Given the multifaceted nature of hoarding, treatment options are varied too. Whether it’s support groups or Group Therapy sessions that deal with the root cause, understanding the interplay between hoarding and other conditions is crucial. The point is, tackling hoarding often means checking out what else is going on in the brain department.

How to Stop Being a Hoarder

You’ve acknowledged that hoarding is affecting your life or the life of someone you care about. But how does one stop hoarding? The good news is that hoarder help is available, and we’re not just talking about a weekend clean-up crew. Therapy, specialized services, and even some support groups offer structured support for hoarders. The key is approaching the issue with compassion and understanding rather than judgment.

Cognitive Behavioral Therapy (CBT) is a popular choice, helping people develop healthy coping mechanisms and avoid hoarding. Therapists can provide invaluable insights into why items might have emotional significance and help set realistic decluttering goals. If you’re looking for a deeper emotional dive, Psychotherapy is also an excellent option.

Benefits of Seeking Professional Help for Hoarders

Here’s the scoop on why getting professional help for hoarders can be a game-changer:

  • Think of them like mental health detectives, figuring out why you can’t let go of that 1997 calendar.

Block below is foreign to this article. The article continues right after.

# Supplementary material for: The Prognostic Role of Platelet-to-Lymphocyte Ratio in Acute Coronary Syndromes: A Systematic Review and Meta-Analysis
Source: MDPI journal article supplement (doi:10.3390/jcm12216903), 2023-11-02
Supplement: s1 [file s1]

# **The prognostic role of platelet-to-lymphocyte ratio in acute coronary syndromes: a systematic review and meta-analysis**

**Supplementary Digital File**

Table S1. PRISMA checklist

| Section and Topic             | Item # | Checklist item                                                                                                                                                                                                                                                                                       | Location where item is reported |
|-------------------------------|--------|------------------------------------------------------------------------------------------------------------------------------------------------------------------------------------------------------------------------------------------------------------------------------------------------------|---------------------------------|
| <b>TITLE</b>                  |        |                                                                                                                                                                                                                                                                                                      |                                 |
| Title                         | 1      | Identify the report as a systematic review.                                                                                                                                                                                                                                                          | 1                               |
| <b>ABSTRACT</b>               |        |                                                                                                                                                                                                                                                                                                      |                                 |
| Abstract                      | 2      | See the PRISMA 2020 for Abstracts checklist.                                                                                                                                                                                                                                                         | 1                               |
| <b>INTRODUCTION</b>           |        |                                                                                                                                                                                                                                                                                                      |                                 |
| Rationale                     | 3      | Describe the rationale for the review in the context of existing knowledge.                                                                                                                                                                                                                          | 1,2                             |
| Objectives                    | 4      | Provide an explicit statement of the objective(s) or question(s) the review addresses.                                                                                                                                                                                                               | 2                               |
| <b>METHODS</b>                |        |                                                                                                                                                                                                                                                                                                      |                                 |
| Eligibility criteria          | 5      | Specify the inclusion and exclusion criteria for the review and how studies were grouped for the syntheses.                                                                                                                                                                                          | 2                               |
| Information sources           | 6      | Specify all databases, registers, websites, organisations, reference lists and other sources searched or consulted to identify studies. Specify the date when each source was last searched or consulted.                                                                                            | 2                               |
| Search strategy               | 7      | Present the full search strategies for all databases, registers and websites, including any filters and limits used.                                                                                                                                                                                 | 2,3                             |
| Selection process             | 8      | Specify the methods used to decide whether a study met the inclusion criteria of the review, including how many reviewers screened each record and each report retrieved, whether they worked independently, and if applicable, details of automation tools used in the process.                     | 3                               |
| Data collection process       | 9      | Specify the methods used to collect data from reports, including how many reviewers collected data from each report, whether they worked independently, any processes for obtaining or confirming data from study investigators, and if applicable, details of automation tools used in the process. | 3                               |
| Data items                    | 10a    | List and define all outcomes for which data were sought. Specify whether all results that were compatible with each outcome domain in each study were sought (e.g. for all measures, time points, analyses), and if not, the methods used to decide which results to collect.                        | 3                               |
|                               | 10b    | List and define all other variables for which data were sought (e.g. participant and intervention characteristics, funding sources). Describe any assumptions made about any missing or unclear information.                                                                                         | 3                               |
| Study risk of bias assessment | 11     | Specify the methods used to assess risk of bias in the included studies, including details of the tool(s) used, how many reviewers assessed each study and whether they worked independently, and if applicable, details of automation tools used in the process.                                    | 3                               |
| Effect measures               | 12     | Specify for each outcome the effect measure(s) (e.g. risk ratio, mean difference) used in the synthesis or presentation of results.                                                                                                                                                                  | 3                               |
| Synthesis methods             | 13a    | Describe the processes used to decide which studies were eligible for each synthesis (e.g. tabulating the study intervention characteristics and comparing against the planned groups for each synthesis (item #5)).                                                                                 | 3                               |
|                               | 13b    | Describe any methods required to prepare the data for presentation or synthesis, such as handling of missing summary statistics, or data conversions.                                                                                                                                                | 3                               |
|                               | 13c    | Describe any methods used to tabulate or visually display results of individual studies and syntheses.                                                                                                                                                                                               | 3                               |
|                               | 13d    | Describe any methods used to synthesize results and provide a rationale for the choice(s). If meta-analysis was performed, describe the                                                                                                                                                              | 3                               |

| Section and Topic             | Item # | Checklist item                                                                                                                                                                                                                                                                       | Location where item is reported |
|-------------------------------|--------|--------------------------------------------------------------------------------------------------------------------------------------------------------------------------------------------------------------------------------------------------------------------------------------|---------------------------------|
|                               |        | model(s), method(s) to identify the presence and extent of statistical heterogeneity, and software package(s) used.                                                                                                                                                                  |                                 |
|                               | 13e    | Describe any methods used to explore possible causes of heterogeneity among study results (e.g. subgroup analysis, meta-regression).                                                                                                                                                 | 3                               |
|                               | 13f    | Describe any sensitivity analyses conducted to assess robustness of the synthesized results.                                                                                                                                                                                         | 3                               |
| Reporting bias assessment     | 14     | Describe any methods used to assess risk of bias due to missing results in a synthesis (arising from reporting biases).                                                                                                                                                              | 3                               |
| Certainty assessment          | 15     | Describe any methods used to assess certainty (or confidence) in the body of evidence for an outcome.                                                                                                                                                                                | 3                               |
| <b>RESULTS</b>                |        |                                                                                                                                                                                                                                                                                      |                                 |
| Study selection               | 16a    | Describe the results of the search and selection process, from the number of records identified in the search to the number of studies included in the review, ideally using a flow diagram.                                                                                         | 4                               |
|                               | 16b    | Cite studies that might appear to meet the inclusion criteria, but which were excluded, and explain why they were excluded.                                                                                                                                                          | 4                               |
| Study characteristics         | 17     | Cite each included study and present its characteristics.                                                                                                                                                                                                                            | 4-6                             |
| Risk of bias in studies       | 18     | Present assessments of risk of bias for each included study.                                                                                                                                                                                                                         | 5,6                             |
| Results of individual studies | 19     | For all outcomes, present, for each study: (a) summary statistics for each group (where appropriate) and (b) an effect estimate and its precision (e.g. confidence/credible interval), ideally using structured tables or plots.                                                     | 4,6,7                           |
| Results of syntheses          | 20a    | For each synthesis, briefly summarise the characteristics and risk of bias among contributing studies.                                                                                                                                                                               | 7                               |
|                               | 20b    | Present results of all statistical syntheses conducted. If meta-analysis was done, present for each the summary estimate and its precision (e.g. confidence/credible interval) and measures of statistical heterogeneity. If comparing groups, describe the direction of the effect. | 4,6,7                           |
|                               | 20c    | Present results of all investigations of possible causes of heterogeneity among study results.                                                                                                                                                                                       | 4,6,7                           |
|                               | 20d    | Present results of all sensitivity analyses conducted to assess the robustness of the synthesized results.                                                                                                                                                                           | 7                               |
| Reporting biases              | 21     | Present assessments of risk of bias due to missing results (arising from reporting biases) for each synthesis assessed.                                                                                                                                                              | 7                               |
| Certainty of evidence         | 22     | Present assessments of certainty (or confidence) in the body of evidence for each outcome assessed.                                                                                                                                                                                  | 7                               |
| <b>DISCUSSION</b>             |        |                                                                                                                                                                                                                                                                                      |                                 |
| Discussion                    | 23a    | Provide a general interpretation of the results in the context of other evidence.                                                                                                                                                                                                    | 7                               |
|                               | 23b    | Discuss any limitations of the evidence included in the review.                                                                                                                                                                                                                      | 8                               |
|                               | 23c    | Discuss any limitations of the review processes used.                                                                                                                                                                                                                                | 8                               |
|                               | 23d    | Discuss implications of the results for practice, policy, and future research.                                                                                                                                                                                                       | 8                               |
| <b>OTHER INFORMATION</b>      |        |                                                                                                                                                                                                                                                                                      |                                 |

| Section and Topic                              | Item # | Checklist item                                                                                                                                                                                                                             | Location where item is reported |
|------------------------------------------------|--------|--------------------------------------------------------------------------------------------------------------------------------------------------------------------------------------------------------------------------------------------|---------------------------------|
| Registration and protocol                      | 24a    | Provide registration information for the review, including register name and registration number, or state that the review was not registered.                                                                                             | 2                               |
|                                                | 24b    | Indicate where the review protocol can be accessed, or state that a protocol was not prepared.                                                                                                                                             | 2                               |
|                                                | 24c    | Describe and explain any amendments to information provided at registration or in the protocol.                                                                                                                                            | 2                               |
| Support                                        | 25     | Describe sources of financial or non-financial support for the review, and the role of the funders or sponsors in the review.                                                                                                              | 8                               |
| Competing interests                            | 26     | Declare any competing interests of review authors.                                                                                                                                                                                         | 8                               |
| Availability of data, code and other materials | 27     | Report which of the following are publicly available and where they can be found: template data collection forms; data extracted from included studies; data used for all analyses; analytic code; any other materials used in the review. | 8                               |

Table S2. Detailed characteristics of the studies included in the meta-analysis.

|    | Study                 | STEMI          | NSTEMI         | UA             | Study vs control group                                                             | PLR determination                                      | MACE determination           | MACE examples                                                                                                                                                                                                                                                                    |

• Therapists can help you break down a mountain of stuff into manageable molehills.
  • Professional help can give you the tools to keep your space clean-ish, long-term, freeing up your home, and your life.

Why Hoarding Help is Essential

Hoarding is more than a mere bit of a mess; differentiating between a collector and a hoarder is essential in finding the right kind of support. Though they both involve an excess collection of items, the emotional and psychological stakes are significantly higher with hoarding. The clutter isn’t just physical—it imposes emotional and even social limitations.

The bottom line? Hoarding isn’t just a quirky habit; it’s a mental health issue with real-world consequences. But the good news is, it’s treatable. A therapist won’t just help you tidy up; they could give you a new lease on life.

Authored By 

LifeStance Health
LifeStance Health

LifeStance is a mental healthcare company focused on providing evidence-based, medically driven treatment services for children, adolescents, and adults suffering from a variety of mental health issues in an outpatient care setting, both in-person and through its digital health telemedicine offering.


Reviewed By

Nicholette Leanza, LPCC-S
Nicholette Leanza, LPCC-S

Nicholette is a faculty member at John Carroll University’s Clinical Counseling program, and she is also the host of the LifeStance podcast, Convos from the Couch.